Ypsilanti Water Tower
Ypsilanti Water Works Stand Pipe
Ypsilanti Water Tower
|Architect||William R. Coats|
|Architectural style||No Style Listed|
|NRHP Reference #||81000318|
|Added to NRHP||October 26, 1981|
The tower was designed by William R. Coats and built as part of an elaborate city waterworks project that began in 1889. Located on the highest point in Ypsilanti, the tower was built in 1890 at a cost of $21,435.63. Today the tower is frequently joked about for its phallic shape. It has become a well-known landmark in Ypsilanti, and due to the building's shape and location, the tower is frequently used by residents as a point for providing directions for visitors and residents.
An ordinance passed on April 14, 1898, established a yearly rate schedule for residences with running water. Rates were based on the number of faucets in use, the type of business that customers operated and the livestock they owned. A residence with one tap was charged $5.00 and a private bathtub cost an additional $2.00. Saloon keepers paid $7.00 for one faucet, $3.00 for each additional faucet and $1.00 for each billiard table. Each cow a person owned cost $1.00. People who failed to pay their bill were subject to a $50.00 fine and ninety days in the county jail.
During the construction, hoping to protect themselves from injury, the builders made at least four crosses in the stonework, one over the west door, an elaborate but difficult to find Greek Cross on the east side and two inside the water tower. It was completed on February 3, 1890, at the cost of $21,368.
The structure was the only water tower in the Ypsilanti water system until 1956. The Ypsilanti Community Utilities Authority began operating and maintaining the structure in 1974. That same year the tower was designated by the American Water Works Association as an American Water Landmark. It was also designated a Historic Civil Engineering Landmark by the Michigan Section of the American Society of Civil Engineers. In 1976 it was restored.
The exterior was designed in the popular Queen Anne style of the period. Queen Anne design was less formal than other popular styles at the time. Instead it experimented with different shapes particularly towers. Queen Anne buildings also often had more decoration than this structure.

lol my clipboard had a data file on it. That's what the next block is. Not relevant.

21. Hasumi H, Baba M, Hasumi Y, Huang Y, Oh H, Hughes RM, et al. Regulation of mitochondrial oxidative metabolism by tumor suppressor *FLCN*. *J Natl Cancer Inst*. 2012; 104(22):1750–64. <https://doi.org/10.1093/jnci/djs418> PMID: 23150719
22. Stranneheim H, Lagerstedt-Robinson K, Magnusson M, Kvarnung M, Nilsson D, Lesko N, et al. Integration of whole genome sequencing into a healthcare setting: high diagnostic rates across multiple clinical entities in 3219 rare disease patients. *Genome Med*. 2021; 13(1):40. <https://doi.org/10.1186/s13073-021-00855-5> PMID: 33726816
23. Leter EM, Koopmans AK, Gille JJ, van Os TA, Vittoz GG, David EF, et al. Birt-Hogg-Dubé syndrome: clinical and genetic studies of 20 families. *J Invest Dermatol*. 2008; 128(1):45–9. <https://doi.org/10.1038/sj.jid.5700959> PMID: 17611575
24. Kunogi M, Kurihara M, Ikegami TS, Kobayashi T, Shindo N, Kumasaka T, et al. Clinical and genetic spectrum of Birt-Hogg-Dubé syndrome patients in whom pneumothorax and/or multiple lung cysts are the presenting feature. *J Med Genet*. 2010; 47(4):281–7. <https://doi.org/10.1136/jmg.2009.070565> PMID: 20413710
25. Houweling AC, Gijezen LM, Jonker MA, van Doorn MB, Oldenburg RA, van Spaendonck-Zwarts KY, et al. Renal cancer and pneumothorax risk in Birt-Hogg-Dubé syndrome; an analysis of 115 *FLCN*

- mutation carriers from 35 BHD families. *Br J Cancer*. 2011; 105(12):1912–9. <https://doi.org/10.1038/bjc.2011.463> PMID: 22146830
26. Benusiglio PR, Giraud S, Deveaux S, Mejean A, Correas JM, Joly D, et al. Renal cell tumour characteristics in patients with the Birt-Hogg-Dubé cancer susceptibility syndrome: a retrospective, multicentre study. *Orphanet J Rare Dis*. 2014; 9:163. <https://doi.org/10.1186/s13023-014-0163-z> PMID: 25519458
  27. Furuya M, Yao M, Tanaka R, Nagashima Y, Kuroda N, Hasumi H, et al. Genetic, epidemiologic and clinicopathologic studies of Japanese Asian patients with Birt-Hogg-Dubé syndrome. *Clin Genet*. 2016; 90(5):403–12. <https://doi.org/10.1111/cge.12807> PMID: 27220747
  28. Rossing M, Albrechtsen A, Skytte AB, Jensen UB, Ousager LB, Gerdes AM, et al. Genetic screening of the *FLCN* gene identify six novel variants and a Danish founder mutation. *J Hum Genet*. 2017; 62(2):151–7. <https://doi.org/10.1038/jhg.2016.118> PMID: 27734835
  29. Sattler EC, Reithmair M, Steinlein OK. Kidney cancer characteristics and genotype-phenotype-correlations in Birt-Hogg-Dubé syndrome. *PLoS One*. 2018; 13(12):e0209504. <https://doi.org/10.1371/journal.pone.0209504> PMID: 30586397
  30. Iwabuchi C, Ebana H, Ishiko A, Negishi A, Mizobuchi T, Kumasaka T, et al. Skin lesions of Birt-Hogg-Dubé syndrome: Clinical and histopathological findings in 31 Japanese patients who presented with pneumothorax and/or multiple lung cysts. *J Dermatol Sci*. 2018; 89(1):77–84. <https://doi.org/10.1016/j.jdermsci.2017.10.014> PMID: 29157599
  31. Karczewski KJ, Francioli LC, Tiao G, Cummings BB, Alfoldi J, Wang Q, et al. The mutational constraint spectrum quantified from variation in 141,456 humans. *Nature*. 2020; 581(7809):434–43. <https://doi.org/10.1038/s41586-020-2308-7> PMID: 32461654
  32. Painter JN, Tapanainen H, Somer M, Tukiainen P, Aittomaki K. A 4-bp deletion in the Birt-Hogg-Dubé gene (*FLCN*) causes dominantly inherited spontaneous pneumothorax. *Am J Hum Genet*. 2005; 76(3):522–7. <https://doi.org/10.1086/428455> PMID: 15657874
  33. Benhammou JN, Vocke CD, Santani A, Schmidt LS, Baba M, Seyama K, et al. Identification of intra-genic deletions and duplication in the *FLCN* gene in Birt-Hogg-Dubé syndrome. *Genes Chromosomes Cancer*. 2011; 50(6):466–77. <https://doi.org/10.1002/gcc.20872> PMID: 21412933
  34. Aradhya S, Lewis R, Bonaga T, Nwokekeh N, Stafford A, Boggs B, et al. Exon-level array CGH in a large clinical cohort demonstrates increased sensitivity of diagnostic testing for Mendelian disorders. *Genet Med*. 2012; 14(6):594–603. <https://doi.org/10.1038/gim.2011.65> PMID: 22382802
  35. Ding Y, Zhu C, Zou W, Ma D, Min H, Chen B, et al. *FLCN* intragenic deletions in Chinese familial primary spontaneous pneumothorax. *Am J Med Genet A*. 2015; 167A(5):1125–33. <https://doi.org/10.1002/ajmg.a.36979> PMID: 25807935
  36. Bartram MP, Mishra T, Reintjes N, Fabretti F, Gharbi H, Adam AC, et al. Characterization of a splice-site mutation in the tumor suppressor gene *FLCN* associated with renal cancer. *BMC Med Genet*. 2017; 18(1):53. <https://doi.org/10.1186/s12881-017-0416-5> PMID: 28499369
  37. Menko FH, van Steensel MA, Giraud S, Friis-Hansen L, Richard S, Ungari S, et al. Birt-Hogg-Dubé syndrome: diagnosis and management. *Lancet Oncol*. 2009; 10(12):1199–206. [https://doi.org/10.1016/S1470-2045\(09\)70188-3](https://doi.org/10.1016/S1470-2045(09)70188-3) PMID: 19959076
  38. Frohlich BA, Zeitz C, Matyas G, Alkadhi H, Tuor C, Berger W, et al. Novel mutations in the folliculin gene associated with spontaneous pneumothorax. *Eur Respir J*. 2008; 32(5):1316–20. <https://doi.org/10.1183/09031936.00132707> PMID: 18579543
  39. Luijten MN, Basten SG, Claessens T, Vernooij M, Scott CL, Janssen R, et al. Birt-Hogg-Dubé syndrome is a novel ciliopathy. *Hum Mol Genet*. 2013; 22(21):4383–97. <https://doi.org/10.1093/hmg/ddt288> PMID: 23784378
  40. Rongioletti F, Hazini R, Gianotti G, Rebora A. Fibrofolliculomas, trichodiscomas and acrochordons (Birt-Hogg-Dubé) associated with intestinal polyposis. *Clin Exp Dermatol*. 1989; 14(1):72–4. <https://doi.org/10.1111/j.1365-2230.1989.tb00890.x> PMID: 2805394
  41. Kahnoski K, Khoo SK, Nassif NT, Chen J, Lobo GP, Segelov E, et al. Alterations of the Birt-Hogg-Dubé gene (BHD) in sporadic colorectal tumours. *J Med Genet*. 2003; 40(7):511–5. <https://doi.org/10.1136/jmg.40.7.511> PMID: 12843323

The stone tower is located at the highest point of elevation of the city on Summit Street. The tower is made of Joliet limestone. The tower is 147 feet tall, has an 85-foot base. The substructure walls taper from a thickness of forty inches at the bottom to 24 inches at the top. The reservoir holds a 250,000-gallon steel tank. When it was constructed it had a dual purpose. Not only did it store water but the falling water also generated electricity for the city street lamps at night.
A marble bust of Demetrius Ypsilanti stands between a Greek and a U.S. flag at the base of the water tower. The city of Ypsilanti is named after this hero of Greek independence.
The tower has long been a source of humor for comedians in the Ann Arbor–Ypsilanti area, for its decidedly phallic shape—for which it's been nicknamed "Poor Richard." (A long-standing urban legend holds that the tower will crumble if a virgin ever graduates from nearby Eastern Michigan University. This is similar to other legends surrounding various landmarks worldwide.) In 2003 Cabinet magazine ranked the tower as the World's Most Phallic Building.
- Staff (2008-04-15). "National Register Information System". National Register of Historic Places. National Park Service.
- Huff, Aaron (25 September 2011). "Ypsi tower history". Eastern Echo. Retrieved 13 June 2014.
- "Ypsilanti Water Tower, Michigan, USA". Building.am. Retrieved 13 June 2014.
- "The YCUA Stone Tower". Ypsilanti Community Utilities Authority. Retrieved 13 June 2014.
- "Ypsilanti Water Tower - 1890". Ypsilanti Historical Society. Retrieved 13 June 2014.
- "EMU : Historic Tour" Archived March 29, 2012, at the Wayback Machine.. Eastern Michigan University.
- "The Most Phallic Building in the World". Cabinet.
Media related to Ypsilanti Water Tower at Wikimedia Commons